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- ecocomDP: Data package design for community survey data
- Harmonization of meteorological and hydrological data in the EDI data repository
- Soils data harmonization
EDI – and other repositories – hold thousands of diverse primary observations from research studies in the ecological sciences. A major EDI goal is to develop recommendations for thematic standardization, i.e. convert “raw data” packages that contain the same variables, but in various data formats and using different vocabularies, into a common data model. To derive a common data model, EDI is considering physical formats, data models, metadata content and data manipulation scripts which provide maximum data flexibility. These harmonized data packages are analysis ready and can be reused more easily in synthesis studies or meta analyses.
We know from experience that original, primary research data sets cannot be easily combined or synthesized until all data are completely understood and converted to a similar format. There are two approaches to achieving this data regularity: a) to prescribe the format before data collection starts, or b) to convert primary data into a flexible standard format for reuse. Prescribed formats are impossible to impose on research studies, so we take the second approach: define a flexible intermediate, and convert primary data to that model. Our thematic standardization workshops define those formats, describe their workflows, and publish the models so that data providers can be made aware of the most important data package features.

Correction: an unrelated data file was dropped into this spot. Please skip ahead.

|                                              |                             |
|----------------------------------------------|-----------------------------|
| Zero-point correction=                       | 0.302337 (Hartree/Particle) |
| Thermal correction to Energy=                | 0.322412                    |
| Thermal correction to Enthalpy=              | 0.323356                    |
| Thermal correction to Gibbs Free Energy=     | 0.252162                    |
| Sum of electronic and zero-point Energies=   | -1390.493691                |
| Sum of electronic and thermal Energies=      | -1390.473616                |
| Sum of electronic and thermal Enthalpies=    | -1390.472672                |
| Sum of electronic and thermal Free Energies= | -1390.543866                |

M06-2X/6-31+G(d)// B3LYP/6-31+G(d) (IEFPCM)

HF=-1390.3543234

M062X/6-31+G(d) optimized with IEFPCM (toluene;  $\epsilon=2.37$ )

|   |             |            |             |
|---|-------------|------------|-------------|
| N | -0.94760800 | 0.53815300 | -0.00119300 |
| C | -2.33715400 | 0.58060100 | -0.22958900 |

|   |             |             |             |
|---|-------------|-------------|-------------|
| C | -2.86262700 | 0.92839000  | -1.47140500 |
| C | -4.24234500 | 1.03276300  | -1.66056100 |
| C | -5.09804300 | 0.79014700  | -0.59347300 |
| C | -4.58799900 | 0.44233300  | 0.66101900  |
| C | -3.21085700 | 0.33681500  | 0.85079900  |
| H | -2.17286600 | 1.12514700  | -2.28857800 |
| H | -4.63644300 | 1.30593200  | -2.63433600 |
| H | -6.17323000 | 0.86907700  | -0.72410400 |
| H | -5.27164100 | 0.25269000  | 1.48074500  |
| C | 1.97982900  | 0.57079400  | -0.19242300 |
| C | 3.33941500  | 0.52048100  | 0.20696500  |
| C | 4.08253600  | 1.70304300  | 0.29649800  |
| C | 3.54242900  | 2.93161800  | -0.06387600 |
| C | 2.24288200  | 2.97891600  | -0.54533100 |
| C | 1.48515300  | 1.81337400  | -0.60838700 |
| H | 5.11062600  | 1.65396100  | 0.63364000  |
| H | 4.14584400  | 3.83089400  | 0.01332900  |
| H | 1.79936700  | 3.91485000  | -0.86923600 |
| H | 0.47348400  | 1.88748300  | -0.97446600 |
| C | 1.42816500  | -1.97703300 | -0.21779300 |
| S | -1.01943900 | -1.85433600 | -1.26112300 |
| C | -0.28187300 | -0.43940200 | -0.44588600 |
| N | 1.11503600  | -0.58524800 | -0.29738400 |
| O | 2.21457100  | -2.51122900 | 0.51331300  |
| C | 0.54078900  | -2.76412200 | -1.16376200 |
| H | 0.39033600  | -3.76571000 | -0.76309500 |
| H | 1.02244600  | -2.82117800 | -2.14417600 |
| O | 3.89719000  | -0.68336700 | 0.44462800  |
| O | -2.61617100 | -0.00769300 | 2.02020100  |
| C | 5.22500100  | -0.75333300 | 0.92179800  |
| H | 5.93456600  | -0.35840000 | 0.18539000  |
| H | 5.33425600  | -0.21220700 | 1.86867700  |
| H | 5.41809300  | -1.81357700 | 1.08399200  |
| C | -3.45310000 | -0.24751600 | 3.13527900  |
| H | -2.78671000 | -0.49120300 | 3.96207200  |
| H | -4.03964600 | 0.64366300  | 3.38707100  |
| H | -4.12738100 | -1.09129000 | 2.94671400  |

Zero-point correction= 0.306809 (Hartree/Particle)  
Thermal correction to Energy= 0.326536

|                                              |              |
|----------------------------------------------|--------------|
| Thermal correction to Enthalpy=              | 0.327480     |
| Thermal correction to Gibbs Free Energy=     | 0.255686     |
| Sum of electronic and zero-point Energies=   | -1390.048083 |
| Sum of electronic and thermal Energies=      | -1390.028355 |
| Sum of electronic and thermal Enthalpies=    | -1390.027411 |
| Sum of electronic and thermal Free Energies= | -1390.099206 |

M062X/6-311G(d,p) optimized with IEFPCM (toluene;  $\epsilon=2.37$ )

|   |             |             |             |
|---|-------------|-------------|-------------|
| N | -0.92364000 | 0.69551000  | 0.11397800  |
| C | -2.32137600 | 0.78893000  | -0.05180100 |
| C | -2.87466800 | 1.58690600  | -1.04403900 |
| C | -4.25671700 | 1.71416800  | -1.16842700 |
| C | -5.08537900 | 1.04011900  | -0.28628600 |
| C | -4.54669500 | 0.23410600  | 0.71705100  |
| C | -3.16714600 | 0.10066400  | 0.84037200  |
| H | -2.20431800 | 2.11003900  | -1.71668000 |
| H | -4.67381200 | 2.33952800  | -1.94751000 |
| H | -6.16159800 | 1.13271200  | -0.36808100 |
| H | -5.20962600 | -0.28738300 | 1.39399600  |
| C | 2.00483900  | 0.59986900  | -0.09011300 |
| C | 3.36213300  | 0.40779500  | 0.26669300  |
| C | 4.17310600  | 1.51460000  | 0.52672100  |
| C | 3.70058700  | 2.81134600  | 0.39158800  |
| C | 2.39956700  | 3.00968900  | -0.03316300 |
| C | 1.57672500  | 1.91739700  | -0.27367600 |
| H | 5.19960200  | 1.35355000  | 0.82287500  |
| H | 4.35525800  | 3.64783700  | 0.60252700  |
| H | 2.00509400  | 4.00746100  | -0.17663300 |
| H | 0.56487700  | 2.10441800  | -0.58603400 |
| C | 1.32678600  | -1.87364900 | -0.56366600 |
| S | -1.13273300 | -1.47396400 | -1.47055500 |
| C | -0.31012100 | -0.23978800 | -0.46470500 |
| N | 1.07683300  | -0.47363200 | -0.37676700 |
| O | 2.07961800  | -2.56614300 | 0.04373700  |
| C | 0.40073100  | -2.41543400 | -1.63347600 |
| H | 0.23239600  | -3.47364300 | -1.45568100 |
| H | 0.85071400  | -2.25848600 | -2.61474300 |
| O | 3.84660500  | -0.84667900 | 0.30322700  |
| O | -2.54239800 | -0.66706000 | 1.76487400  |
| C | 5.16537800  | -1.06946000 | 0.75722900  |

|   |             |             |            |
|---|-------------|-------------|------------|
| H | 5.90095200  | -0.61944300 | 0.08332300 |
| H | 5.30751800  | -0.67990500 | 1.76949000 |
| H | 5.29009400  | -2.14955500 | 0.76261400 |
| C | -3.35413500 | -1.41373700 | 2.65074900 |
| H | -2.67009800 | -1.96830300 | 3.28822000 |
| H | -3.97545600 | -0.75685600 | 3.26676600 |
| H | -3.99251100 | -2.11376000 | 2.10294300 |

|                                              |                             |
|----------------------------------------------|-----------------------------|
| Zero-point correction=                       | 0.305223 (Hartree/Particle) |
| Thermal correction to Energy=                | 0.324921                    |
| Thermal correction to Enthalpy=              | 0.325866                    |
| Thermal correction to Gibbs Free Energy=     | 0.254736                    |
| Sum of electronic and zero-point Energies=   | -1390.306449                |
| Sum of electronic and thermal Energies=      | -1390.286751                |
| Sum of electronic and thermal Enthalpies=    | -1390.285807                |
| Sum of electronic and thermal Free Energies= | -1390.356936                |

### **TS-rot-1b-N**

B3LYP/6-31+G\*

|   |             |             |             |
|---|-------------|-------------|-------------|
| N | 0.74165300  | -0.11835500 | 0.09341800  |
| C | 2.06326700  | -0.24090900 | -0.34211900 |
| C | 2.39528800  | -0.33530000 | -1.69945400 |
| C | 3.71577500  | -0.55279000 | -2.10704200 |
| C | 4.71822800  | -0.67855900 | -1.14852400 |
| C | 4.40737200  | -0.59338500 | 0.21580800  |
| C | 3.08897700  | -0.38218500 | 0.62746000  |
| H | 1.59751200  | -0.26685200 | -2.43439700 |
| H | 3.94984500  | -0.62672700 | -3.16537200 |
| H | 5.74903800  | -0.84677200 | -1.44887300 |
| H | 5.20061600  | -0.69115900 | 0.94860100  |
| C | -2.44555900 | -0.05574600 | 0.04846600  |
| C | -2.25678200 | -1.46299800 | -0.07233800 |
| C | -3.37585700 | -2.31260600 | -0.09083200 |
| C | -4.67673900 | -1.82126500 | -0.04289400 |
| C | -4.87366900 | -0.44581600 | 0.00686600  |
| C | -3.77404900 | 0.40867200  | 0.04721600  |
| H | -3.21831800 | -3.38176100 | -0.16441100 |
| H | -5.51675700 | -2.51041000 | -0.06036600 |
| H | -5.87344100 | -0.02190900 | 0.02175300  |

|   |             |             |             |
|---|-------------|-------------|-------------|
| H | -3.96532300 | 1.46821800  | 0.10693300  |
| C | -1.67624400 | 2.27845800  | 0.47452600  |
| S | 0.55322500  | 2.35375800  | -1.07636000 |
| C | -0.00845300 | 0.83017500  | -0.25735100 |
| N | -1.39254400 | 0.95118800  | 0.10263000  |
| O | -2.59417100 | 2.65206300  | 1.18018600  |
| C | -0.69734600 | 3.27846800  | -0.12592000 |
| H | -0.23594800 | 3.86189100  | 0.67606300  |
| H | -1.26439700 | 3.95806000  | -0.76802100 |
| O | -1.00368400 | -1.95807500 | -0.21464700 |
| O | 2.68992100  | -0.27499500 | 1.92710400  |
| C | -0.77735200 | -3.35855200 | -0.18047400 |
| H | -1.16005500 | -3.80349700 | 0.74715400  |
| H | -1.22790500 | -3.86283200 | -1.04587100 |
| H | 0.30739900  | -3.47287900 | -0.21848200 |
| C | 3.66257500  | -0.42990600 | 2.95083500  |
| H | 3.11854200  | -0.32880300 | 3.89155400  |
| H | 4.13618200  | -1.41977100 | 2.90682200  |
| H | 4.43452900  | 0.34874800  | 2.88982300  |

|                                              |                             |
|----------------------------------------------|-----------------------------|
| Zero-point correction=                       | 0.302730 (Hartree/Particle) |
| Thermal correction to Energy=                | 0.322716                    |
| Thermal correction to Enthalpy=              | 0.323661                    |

Figure 1 shows the general workflow for harmonizing data packages. Archived raw data (level 0 – L0) are converted to a common harmonized data model (level 1 – L1). The L1 data allow for a straightforward data discovery and conversion into derived data products (level 2 – L2).
Our approach is thematic. Initially, we have addressed long-term studies of community composition and biodiversity, which are currently in high demand by synthesis projects. EDI is in the process of extending this approach to meteorological and hydrological data as well as soils data